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New Mexico Department of Health Reports Decrease in Drug Overdose Deaths

Even with this one-year decline, 2012 rates for both men and women were much higher than 1990 rates.
SANTE FE -- The New Mexico Department of Health announced that drug overdose deaths in New Mexico decreased in 2012. The Department reports 486 New Mexicans died from drug overdoses last year. That is a 7% decrease from 2011.
 
Even with this one-year decline, 2012 rates for both men and women were much higher than 1990 rates. 

"One of the main concerns is that overdose deaths due to prescription drugs are increasing," said Department of Health Secretary Retta Ward, MPH. "The Department is partnering with organizations to increase knowledge and availability of naloxone, which can help reverse an opioid overdose."
 
New Mexico had the second highest drug overdose death rate in the nation in 2010. In response, the Department of Health and its partners are currently involved in a number of initiatives and rule changes aimed at preventing drug overdose deaths including:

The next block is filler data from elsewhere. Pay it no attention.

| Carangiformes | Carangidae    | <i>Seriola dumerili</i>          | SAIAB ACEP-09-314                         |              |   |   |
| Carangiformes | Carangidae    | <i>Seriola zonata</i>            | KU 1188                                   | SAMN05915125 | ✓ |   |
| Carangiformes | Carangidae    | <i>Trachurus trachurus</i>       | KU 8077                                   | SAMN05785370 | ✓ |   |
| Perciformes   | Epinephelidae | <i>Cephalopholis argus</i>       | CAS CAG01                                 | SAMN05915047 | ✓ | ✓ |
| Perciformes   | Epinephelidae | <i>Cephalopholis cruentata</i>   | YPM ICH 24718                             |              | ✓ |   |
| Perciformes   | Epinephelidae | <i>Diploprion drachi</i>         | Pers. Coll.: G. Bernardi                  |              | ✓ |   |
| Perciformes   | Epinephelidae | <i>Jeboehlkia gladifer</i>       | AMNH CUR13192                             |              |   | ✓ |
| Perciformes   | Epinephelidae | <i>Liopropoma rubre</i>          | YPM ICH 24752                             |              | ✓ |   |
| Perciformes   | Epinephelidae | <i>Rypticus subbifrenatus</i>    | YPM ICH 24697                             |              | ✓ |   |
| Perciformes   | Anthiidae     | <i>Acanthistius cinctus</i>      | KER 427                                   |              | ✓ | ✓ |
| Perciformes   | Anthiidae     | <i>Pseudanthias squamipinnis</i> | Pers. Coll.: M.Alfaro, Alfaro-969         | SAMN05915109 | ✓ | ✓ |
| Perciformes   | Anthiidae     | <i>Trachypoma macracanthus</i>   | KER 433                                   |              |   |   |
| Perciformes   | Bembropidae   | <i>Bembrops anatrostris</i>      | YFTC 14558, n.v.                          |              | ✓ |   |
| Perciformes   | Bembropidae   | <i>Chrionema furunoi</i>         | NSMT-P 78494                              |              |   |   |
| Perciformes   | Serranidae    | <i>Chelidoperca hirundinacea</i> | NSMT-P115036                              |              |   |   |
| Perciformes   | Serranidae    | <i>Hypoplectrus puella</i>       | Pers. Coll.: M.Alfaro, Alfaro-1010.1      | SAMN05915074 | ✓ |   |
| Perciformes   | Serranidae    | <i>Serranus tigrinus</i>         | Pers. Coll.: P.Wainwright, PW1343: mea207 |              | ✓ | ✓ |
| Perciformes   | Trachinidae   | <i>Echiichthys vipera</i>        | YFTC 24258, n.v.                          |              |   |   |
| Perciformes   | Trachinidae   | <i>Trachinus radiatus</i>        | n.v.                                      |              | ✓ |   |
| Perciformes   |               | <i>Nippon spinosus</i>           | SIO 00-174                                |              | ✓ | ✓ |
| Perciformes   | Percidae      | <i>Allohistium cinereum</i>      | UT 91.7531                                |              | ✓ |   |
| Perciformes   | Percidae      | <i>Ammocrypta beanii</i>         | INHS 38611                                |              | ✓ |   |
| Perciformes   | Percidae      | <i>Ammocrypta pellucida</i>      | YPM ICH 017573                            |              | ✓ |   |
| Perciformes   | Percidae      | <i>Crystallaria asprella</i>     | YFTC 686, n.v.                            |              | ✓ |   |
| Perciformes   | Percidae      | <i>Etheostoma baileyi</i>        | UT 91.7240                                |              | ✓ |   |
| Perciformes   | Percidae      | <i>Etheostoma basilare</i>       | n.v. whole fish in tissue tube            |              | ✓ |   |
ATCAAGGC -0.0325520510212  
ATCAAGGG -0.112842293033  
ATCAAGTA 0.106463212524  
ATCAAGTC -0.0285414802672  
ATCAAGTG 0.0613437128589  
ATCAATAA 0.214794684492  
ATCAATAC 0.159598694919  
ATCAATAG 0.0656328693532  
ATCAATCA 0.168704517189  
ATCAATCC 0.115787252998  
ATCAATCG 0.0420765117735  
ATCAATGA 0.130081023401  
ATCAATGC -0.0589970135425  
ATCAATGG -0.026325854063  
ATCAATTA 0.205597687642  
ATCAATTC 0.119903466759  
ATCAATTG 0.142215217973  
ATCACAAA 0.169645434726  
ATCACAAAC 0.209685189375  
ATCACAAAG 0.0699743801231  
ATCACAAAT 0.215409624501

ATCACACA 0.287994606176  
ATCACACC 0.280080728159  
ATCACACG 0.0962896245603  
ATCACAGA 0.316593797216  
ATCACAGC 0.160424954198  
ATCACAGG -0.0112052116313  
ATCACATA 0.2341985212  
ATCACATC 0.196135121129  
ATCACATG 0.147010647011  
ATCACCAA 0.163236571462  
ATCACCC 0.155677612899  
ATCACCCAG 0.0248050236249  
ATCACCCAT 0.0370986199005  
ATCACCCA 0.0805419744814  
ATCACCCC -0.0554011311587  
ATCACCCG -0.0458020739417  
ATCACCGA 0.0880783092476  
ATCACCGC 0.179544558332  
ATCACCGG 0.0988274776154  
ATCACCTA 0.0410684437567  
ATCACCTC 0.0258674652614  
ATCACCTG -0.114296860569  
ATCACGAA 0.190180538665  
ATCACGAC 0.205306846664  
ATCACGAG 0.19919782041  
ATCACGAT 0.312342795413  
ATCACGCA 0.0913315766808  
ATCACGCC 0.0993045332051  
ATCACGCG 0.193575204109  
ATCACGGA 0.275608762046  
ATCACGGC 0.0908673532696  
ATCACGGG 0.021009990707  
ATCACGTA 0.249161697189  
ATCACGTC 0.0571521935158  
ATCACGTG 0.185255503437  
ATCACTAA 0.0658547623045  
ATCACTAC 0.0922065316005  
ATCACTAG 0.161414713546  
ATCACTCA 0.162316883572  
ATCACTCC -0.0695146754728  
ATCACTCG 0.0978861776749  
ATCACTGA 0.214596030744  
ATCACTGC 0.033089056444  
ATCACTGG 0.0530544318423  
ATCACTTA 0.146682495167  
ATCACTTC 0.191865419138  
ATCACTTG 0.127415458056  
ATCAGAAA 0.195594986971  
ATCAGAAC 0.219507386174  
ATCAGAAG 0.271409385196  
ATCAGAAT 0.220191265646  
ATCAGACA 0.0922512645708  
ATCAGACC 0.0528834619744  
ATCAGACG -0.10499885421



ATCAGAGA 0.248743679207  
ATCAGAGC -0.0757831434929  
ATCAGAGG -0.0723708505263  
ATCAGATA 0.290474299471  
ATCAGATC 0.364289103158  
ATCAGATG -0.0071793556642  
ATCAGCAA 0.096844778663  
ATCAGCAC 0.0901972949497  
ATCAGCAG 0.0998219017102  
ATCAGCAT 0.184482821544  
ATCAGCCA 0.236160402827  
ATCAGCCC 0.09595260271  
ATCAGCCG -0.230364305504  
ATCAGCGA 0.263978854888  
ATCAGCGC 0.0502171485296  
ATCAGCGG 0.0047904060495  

• Mandatory use of the Prescription Monitoring Program to reduce doctor shopping by drug-seeking patients and inappropriate prescribing by medical providers; 
  • Required pain management provider education; safe drug disposal sites (where people can drop off their left-over prescription drugs); 
  • Substance abuse treatment, including opioid substitution therapy (suboxone and methadone); and direct distribution of naloxone to persons at risk for opioid overdose as well as naloxone distribution by prescription or samples in clinical settings for patients at risk of opioid overdose from prescribed pain medications. Naloxone (also called Narcan) is formally known as an opioid antagonist - an antidote that reverses an opioid overdose. It works by neutralizing the opioids in the body, thereby allowing the respiratory system to function again. 
  • Other initiatives include: law enforcement naloxone carry-and-administer programs (Espanola Police Department); Law Enforcement Assisted Diversion (LEAD) programs (Santa Fe County), in which substance abusers are diverted to drug treatment services and therapies in order to reduce incarceration for non-violent offenders; and community prevention and education initiatives (such as Taos Alive, Santa Fe Opioid Safe, Roswell Prescribe to Prevent, the Sierra County Opiate Overdose Prevention Task Force in Truth or Consequences and the Bernalillo County Community Health Council). 
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